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Media Advisory 07-020
National Science Foundation to Announce First CISE Distinguished Education Fellows

Honor recognizes outstanding innovations in computing education; two recipients will receive NSF awards for community outreach

July 10, 2007

On Friday, July 13, 2007, Jeanette Wing, assistant director for Computer & Information Science and Engineering (CISE) at the National Science Foundation (NSF), will present the recipients of the first CISE Distinguished Education Fellows. The two recipients will be on hand to discuss their efforts to improve the quality of undergraduate computing education in the United States.

What: Announcement of the CISE Distinguished Education Fellows (CDEF); discussion about improving undergraduate computing education

Who: Jeanette Wing, assistant director for Computer & Information Science and Engineering (CISE) at the National Science Foundation; two recipients of the fellowships, to be announced at the event

Where: National Science Foundation, 4201 Wilson Blvd., Arlington, VA 22230, Room 110

When: Friday, July 13, 2007, 10:00 a.m.

The United States is the world leader in computer science and engineering. But other nations are quickly catching up to our level of excellence, and U.S. enrollment in computer science programs has declined in recent years.

NSF has developed several initiatives to engage the next generation in computer science, including the CISE Pathways to Revitalized Undergraduate Computing Education Program (CPATH) program. The fellowships are a component of the CPATH program and are meant to raise the profile of this endeavor and recognize some of the leaders in this area.

Background

Computing has permeated and even transformed almost all aspects of our everyday lives. As computing becomes more important in all sectors of society, so does the preparation of a globally competitive U.S. workforce. Unfortunately, despite the deep and pervasive impact of computing and the creative efforts of individuals in a small number of institutions, undergraduate computing education today often looks much as it did several decades ago.

Through the CISE Pathways to Revitalized Undergraduate Computing Education (CPATH) program, NSF's Directorate for Computer and Information Science and Engineering (CISE) is challenging its partners--colleges, universities, businesses and other stakeholders committed to advancing the field of computing and its impact - to transform undergraduate computing education on a national scale, to meet the challenges and opportunities of a world where computing is essential to U.S. leadership and economic competitiveness across all sectors of society.

The CPATH vision is of a U.S. workforce with the computing competencies and skills imperative to the nation's health, security and prosperity in the 21st century. This workforce includes a cadre of computing professionals prepared to contribute to sustained U.S. leadership in computing in a wide range of application domains and career fields, and a broader professional workforce with knowledge and understanding of critical computing concepts, methodologies and techniques.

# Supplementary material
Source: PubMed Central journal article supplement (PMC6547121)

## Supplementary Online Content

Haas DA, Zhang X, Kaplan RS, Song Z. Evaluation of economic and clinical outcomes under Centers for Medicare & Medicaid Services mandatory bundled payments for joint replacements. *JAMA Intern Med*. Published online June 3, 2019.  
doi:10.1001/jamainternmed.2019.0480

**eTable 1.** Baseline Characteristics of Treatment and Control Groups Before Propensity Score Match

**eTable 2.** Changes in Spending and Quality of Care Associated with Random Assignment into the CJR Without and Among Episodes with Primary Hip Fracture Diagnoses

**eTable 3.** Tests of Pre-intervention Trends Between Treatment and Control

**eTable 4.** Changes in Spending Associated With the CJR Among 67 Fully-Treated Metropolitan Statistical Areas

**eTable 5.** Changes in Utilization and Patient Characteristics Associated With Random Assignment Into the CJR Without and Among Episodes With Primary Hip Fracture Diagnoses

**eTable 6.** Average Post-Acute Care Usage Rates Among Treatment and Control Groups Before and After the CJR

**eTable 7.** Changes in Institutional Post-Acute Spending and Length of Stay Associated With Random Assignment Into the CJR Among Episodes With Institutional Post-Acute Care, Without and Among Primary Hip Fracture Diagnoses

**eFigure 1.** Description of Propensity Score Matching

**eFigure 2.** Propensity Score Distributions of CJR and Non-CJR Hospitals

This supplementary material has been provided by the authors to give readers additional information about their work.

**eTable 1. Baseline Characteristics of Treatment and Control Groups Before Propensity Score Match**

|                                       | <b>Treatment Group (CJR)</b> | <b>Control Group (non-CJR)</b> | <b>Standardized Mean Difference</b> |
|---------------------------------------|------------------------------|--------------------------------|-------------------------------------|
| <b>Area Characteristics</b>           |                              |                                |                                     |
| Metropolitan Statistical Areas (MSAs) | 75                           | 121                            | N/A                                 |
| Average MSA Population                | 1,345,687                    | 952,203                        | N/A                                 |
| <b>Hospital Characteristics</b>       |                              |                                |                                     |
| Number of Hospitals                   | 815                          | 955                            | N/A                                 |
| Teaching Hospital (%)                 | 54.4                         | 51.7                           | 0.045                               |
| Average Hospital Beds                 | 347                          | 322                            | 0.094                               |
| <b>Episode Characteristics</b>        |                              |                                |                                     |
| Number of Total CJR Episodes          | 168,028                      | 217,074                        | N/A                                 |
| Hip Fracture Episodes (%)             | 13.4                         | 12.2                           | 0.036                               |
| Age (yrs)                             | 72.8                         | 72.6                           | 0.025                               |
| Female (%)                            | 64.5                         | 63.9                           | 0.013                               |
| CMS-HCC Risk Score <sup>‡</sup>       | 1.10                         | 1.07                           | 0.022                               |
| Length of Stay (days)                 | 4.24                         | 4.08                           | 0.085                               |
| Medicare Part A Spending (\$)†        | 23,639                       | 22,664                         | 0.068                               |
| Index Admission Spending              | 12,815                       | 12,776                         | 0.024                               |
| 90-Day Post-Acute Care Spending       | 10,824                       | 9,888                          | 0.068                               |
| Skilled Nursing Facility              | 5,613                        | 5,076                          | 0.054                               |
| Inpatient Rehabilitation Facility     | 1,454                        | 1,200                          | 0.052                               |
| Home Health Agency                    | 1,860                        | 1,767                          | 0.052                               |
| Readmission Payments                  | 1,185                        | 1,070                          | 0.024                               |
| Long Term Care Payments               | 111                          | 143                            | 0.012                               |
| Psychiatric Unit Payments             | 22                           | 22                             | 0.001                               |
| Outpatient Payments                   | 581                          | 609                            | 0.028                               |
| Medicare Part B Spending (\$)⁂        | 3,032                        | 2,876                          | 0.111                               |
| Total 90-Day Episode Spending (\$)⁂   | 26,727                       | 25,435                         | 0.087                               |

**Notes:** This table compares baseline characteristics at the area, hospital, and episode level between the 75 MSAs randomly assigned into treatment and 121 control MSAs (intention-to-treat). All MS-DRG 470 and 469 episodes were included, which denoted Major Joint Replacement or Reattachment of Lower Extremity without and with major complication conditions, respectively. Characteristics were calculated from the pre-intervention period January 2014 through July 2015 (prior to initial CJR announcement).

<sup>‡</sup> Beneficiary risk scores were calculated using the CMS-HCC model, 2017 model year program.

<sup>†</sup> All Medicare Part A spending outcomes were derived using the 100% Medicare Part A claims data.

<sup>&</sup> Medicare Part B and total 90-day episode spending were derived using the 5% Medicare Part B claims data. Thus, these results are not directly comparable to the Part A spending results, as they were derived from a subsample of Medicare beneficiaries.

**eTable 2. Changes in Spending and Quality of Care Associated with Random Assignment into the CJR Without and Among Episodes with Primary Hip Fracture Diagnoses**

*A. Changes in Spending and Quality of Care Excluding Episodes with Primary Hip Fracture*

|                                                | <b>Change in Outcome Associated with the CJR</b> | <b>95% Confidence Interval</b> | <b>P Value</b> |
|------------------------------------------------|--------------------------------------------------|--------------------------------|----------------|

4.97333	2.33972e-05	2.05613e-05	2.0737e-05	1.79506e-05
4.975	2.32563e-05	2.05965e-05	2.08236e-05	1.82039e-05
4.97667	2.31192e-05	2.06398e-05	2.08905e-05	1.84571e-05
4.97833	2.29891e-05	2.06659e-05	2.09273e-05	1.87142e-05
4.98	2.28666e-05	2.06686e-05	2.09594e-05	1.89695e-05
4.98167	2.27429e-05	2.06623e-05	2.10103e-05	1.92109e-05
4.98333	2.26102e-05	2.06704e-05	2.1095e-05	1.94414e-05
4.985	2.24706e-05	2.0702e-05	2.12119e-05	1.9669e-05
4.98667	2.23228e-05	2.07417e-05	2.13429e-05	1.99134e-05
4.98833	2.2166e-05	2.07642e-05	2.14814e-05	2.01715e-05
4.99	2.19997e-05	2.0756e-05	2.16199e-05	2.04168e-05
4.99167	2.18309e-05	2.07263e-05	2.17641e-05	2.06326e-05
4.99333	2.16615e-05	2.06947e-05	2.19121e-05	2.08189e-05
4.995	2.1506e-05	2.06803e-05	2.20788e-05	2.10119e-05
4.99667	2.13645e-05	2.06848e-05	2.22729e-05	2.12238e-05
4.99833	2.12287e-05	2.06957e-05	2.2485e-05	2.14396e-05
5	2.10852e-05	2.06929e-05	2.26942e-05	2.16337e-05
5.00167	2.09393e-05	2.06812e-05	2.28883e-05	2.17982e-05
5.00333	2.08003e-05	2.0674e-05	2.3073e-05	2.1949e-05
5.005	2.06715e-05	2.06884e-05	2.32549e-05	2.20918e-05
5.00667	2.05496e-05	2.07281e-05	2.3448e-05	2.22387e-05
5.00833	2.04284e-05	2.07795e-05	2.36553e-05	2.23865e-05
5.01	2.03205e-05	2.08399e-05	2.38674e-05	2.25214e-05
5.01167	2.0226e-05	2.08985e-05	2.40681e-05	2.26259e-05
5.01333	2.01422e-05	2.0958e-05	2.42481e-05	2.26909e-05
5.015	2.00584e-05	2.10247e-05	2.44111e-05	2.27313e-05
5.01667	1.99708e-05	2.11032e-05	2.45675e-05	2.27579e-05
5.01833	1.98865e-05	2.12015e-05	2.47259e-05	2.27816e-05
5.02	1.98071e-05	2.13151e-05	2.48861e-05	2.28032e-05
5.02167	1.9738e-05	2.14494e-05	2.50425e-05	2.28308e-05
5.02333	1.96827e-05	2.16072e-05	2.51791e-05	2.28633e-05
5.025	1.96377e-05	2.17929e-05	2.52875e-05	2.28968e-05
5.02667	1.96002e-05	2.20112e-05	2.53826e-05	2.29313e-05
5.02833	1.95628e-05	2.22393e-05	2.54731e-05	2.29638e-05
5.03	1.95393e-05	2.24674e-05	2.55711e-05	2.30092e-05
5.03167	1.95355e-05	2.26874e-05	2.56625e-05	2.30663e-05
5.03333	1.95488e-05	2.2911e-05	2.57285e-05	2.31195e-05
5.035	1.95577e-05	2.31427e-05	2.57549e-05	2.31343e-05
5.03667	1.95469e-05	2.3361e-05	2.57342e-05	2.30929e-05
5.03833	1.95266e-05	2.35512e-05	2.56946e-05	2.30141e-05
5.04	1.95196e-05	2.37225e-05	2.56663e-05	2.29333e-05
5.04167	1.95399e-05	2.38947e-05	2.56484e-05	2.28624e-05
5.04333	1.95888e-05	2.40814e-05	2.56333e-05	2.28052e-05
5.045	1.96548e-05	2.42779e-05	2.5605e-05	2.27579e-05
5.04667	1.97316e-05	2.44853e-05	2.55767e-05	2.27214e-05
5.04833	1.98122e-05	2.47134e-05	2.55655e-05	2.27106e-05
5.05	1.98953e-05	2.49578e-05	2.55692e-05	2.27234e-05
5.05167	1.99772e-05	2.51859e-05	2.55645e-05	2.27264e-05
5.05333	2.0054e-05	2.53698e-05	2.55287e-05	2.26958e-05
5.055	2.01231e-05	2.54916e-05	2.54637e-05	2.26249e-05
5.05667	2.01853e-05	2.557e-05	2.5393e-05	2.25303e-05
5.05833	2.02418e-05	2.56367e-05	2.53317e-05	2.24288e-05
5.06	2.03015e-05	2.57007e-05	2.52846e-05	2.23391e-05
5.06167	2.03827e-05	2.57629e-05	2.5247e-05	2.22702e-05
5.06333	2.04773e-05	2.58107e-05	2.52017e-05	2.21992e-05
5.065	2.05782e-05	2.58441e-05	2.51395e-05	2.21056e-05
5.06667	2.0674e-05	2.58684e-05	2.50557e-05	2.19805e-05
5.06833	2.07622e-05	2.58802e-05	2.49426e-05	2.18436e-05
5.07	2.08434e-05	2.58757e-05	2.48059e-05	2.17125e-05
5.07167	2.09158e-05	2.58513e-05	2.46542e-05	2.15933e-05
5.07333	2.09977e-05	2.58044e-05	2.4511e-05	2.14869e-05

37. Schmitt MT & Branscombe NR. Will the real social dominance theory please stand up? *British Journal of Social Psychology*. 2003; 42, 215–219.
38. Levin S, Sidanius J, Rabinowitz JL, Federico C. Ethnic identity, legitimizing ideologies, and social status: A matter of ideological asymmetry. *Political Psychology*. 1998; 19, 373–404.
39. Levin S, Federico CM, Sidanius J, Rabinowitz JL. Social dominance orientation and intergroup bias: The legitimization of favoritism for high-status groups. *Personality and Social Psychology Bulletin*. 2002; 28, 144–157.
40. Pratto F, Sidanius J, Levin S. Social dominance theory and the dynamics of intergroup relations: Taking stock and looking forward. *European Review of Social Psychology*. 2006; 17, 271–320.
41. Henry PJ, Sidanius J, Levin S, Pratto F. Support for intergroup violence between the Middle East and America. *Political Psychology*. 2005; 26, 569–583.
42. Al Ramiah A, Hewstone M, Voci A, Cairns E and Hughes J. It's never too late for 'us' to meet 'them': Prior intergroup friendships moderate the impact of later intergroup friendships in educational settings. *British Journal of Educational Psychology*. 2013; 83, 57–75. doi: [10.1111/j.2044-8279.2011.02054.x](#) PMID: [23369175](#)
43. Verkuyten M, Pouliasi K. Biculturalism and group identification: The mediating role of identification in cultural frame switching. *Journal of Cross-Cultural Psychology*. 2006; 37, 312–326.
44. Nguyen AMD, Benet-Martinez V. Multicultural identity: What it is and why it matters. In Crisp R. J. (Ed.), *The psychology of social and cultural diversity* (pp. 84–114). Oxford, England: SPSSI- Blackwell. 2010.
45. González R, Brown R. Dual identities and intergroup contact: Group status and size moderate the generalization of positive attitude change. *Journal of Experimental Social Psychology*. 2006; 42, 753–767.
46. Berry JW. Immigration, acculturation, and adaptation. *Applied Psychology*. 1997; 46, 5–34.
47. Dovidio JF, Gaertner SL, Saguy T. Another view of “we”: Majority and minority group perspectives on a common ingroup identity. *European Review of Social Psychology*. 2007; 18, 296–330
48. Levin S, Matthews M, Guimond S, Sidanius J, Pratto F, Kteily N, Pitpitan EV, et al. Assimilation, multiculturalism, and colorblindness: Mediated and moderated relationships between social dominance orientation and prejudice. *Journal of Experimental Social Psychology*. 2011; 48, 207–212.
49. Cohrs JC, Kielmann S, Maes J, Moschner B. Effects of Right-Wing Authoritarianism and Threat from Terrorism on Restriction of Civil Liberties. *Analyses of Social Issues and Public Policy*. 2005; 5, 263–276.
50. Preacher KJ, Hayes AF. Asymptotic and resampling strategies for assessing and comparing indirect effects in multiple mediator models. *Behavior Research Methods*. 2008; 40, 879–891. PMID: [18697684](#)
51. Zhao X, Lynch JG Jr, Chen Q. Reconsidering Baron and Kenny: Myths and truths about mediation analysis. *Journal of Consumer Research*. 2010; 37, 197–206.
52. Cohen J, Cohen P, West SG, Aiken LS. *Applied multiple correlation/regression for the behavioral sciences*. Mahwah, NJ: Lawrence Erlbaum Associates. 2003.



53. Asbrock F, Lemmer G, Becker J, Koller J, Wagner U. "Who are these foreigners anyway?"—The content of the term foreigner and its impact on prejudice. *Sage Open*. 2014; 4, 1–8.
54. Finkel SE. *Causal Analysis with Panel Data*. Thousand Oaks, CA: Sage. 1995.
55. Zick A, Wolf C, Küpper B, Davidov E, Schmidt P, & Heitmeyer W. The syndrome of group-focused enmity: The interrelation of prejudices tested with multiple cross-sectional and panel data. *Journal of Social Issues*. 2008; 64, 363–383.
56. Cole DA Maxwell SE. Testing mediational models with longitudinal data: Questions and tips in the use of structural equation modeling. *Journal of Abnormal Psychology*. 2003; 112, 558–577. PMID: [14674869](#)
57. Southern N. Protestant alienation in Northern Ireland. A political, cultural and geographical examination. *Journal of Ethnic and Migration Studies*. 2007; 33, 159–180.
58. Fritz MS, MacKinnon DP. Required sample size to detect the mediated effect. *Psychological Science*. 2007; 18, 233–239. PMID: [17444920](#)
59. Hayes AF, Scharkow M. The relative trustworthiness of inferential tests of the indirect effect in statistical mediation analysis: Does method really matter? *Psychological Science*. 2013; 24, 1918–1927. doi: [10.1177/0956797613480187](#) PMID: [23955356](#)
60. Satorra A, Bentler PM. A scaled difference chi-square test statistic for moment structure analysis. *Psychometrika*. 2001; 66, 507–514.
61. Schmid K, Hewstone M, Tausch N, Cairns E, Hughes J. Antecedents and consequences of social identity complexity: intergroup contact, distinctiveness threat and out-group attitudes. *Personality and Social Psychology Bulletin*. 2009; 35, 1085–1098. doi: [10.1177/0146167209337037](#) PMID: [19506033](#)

To achieve this vision, CISE is calling for colleges and universities to work together and with other stakeholders in undergraduate computing education. By developing partnerships with industry, professional societies and other types of organizations, academic institutions can create and implement new plans to revitalize undergraduate computing education in the United States.

Common challenges--such as fluctuating enrollments in traditional computer science programs, changes and trends in workforce demographics, the imperative to integrate fast-paced computing innovations into the curriculum, and the need to integrate computing concepts and methodologies into the undergraduate curriculum at large--must be identified, and goals and strategies developed to address them.

One particular component of CPATH, the CISE Distinguished Education Fellow (CDEF) awards, focuses on creating visible national leadership for revitalizing computing education. CDEF awards recognize accomplished, creative, and talented computing professionals who have the potential to serve as national leaders or spokespersons for change in undergraduate computing education. CDEF awards are made to individuals who have achieved distinction in the computing profession, who are committed to transforming undergraduate computing education, and who have innovative ideas on how to do so. CDEF recipients may spend significant time and effort on projects focused on innovative, original, and possibly untested ideas that will benefit undergraduate computing education on a national scale. In addition to conveying a vision for revitalizing education, CPATH CDEF recipients serve as ambassadors for change.

-NSF-

Media Contacts
Dana W. Cruikshank, NSF, (703) 292-7738, dcruiksh@nsf.gov

Related Websites
For more information about the CISE Pathways to Revitalized Undergraduate Computing Education Program (CPATH) , go to: http://www.nsf.gov/funding/pgm_summ.jsp?pims_id=500025

The National Science Foundation (NSF) is an independent federal agency that supports fundamental research and education across all fields of science and engineering. In fiscal year (FY) 2014, its budget is $7.2 billion. NSF funds reach all 50 states through grants to nearly 2,000 colleges, universities and other institutions. Each year, NSF receives about 50,000 competitive requests for funding, and makes about 11,500 new funding awards. NSF also awards about $593 million in professional and service contracts yearly.

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